Zuma: ‘Ideal clinics’ will soon be a reality

2014-11-18 13:53

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The government has introduced a new plan to ensure that by 2019 patients who go to the country’s 3 500 clinics do not wait for more than two hours for assistance, President Jacob Zuma has said.

Zuma today launched the second phase of Operation Phakisa, which is aimed at improving service delivery in different sectors, at the presidential guesthouse in Pretoria.

This phase is dedicated to improving healthcare services by creating “ideal” clinics.

Zuma told delegates – among them premiers, MECs, ministers and public and private healthcare professionals – that he would ensure the programme succeeded by taking a “personal interest” and receiving regular progress reports.

Health Minister Aaron Motsoaledi earlier told delegates that out of the 3 500 clinics in the country only 10 were viewed as “ideal” by his department.

Both Zuma and Motsoaledi bemoaned how in many clinics patients who relied on the government for healthcare were made to wait hours and some spent an entire day waiting in queues, only to be told to return the next day.

Motsoaledi said his department had found that one of the major problems that leads to bad services at clinics was the appointment of the “wrong people in jobs they do not know”.

But this, said Zuma, could become a thing of the past and many of the country’s clinics had been identified for major infrastructure and human resource shake-ups.

“The ideal clinic realisation and maintenance operation under the Phakisa programme seeks to transform all our public sector clinics into ideal clinics, which provide good quality care in all our communities, and no community will not benefit from this methodology,” said Zuma.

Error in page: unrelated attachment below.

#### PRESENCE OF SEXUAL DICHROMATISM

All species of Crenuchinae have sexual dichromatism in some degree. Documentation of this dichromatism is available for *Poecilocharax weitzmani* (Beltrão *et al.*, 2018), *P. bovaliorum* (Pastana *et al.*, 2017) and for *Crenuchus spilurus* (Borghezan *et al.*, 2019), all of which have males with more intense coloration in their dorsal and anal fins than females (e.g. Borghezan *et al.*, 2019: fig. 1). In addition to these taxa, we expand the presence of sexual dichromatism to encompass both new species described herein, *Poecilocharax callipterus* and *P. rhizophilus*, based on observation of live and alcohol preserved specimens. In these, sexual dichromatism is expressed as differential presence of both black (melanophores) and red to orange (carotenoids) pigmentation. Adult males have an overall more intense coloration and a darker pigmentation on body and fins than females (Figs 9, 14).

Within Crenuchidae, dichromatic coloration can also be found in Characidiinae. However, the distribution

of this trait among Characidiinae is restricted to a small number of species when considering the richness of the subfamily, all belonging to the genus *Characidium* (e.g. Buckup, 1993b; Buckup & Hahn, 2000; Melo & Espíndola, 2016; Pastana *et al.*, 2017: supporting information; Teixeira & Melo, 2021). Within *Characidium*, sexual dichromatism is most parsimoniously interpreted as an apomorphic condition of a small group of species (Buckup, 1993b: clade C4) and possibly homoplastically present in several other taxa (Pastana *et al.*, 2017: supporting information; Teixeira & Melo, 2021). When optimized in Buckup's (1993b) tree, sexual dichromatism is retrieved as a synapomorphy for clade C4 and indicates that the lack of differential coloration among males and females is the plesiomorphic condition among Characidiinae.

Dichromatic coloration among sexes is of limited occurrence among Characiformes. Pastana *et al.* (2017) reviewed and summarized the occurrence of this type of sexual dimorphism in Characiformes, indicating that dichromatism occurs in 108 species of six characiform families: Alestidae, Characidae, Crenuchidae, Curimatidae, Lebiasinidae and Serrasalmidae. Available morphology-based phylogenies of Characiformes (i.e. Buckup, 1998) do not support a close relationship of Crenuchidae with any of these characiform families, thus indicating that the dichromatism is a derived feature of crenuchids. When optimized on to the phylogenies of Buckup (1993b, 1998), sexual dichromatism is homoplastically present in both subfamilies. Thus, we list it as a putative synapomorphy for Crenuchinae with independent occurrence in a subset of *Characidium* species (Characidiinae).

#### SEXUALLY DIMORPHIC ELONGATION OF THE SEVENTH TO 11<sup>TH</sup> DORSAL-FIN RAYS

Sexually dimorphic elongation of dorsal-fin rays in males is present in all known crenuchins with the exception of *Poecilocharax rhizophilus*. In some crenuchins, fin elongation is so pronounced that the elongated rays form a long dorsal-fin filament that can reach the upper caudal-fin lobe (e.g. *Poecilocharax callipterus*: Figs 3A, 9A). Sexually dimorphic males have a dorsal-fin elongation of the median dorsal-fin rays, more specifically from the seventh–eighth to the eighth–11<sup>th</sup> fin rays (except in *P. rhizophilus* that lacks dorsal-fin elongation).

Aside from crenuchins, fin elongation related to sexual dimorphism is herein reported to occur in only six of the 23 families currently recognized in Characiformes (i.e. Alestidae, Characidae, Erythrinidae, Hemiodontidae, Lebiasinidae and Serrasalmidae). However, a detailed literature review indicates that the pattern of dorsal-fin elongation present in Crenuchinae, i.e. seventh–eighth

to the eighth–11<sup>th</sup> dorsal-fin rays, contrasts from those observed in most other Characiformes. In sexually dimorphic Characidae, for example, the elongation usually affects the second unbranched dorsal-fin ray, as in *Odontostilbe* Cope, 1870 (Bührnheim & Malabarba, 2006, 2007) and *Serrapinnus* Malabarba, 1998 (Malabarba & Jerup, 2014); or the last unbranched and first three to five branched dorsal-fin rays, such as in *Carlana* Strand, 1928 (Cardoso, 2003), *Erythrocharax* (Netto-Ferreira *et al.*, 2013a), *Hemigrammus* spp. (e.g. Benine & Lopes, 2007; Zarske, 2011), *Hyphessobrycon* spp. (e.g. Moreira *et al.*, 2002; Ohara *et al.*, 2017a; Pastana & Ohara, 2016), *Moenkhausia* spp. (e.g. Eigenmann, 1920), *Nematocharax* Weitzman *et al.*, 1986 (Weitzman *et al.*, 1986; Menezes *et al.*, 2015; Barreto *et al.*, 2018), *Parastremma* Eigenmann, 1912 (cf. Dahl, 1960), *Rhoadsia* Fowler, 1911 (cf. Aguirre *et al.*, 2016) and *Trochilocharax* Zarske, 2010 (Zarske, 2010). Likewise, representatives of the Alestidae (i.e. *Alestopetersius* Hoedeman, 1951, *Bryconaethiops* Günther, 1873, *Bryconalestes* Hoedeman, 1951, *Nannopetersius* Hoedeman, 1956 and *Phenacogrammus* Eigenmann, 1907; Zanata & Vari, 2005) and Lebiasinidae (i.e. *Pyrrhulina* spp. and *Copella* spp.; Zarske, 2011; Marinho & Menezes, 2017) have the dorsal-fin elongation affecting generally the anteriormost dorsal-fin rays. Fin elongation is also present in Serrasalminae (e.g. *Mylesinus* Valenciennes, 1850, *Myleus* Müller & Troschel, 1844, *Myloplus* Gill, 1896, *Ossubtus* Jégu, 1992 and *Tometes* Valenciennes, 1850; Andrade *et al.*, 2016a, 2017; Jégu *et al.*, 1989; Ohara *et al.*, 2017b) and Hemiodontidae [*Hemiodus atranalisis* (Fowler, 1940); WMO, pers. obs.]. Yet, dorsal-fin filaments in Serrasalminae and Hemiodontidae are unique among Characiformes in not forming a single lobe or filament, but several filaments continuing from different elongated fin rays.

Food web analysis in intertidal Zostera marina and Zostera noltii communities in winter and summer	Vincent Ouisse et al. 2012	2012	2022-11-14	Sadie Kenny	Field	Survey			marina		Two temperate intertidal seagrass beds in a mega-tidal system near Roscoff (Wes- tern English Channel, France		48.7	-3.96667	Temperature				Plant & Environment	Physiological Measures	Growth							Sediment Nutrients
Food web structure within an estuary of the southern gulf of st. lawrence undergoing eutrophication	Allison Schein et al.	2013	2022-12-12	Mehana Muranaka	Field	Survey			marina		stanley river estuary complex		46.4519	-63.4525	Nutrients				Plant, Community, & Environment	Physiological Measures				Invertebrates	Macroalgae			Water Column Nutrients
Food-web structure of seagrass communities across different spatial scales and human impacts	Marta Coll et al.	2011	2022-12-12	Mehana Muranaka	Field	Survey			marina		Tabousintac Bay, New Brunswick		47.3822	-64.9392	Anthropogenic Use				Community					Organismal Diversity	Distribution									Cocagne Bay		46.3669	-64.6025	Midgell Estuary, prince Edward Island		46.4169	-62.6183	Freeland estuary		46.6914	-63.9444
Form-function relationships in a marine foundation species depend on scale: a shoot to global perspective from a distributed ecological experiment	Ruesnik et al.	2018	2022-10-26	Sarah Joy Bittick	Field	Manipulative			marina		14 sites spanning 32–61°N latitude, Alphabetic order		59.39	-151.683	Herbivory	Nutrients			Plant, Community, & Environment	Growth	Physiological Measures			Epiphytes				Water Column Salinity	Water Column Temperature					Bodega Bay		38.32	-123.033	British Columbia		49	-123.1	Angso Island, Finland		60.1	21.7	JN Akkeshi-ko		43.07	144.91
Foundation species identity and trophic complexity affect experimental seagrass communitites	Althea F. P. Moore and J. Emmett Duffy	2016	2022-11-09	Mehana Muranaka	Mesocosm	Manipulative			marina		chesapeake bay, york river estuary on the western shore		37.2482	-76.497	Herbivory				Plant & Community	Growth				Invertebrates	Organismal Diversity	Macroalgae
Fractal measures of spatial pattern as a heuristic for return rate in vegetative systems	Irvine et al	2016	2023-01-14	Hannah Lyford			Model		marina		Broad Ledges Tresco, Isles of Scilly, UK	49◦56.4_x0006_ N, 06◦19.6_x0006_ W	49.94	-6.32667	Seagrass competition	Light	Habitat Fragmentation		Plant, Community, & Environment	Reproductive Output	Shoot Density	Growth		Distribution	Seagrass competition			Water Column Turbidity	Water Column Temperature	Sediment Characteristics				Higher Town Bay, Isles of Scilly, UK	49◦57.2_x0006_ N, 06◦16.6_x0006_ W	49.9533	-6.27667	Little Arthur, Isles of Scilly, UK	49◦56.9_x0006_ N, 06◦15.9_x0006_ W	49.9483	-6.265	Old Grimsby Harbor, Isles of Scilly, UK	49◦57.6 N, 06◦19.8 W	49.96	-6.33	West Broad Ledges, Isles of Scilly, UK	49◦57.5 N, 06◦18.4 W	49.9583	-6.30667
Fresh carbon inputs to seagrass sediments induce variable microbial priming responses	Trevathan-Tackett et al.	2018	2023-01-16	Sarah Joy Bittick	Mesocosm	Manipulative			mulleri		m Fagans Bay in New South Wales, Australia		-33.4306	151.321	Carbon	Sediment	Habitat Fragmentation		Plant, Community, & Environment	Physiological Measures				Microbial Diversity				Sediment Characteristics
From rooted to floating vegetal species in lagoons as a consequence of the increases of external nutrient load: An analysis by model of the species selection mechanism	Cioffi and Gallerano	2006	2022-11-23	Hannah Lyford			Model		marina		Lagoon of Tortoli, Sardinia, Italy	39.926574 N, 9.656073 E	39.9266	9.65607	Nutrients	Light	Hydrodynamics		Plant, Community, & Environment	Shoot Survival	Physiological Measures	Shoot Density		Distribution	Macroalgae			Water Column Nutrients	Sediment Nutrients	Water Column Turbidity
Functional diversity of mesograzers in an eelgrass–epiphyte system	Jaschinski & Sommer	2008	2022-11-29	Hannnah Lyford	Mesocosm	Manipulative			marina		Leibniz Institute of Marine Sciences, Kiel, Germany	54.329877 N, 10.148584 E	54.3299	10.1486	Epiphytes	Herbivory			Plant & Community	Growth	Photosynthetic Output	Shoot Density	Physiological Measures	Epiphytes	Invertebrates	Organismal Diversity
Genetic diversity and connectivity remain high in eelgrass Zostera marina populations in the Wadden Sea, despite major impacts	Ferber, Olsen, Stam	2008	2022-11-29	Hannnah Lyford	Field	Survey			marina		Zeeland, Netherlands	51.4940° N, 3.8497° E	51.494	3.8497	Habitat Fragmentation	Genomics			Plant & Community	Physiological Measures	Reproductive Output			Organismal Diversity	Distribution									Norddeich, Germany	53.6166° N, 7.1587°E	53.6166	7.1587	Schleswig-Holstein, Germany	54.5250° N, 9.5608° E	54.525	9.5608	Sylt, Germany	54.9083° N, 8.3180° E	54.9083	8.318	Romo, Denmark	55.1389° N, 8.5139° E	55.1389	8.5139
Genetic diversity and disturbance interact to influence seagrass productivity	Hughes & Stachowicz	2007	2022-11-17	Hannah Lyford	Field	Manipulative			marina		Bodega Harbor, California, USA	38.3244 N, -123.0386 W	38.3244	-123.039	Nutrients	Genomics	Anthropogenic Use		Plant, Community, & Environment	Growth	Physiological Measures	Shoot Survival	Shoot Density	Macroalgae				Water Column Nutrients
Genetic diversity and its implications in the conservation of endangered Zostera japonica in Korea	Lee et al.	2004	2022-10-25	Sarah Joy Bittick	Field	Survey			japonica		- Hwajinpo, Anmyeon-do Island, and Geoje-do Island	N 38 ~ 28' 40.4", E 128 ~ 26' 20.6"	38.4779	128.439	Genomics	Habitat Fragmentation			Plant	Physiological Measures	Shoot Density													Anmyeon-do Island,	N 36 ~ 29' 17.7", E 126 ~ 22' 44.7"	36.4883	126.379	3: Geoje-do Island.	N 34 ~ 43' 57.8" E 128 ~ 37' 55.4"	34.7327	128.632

People using clinics increased from 67 million in 1998 to more than 130 million in 2013 and Zuma said there had been major improvements in the country’s primary healthcare system.

“However we cannot rest on our laurels ... South Africa remains an unequal society because of the apartheid history of exclusion and marginalisation of the black majority. The inequality translates to inequality in healthcare services as well with rural areas and former homelands being more deprived,” he said.

So, what’s an ideal clinic?

» It opens on time and doesn’t close until the last patient has been helped – even if that’s beyond normal closing hours;

» It provides community-based health promotion and disease prevention programmes in collaboration with the community;

» It is very clean, promotes hygiene and takes all precautionary measures to prevent the spread of diseases; and,

» It has the basic necessities available – like essential medicines.

Zuma said a team of 164 experts, among them senior managers from the government, the private sector, organised labour, academia and civil society had met over the last five weeks to devise and help with the government’s plan of realising “ideal” clinics.

Zuma said the team “has worked hard to produce detailed plans to ensure that 80% of patients will have a positive experience of care, and that 90% of patients will be satisfied with their waiting time, and that no patient will spend more than three hours at the clinic, or more than two hours waiting for services”.

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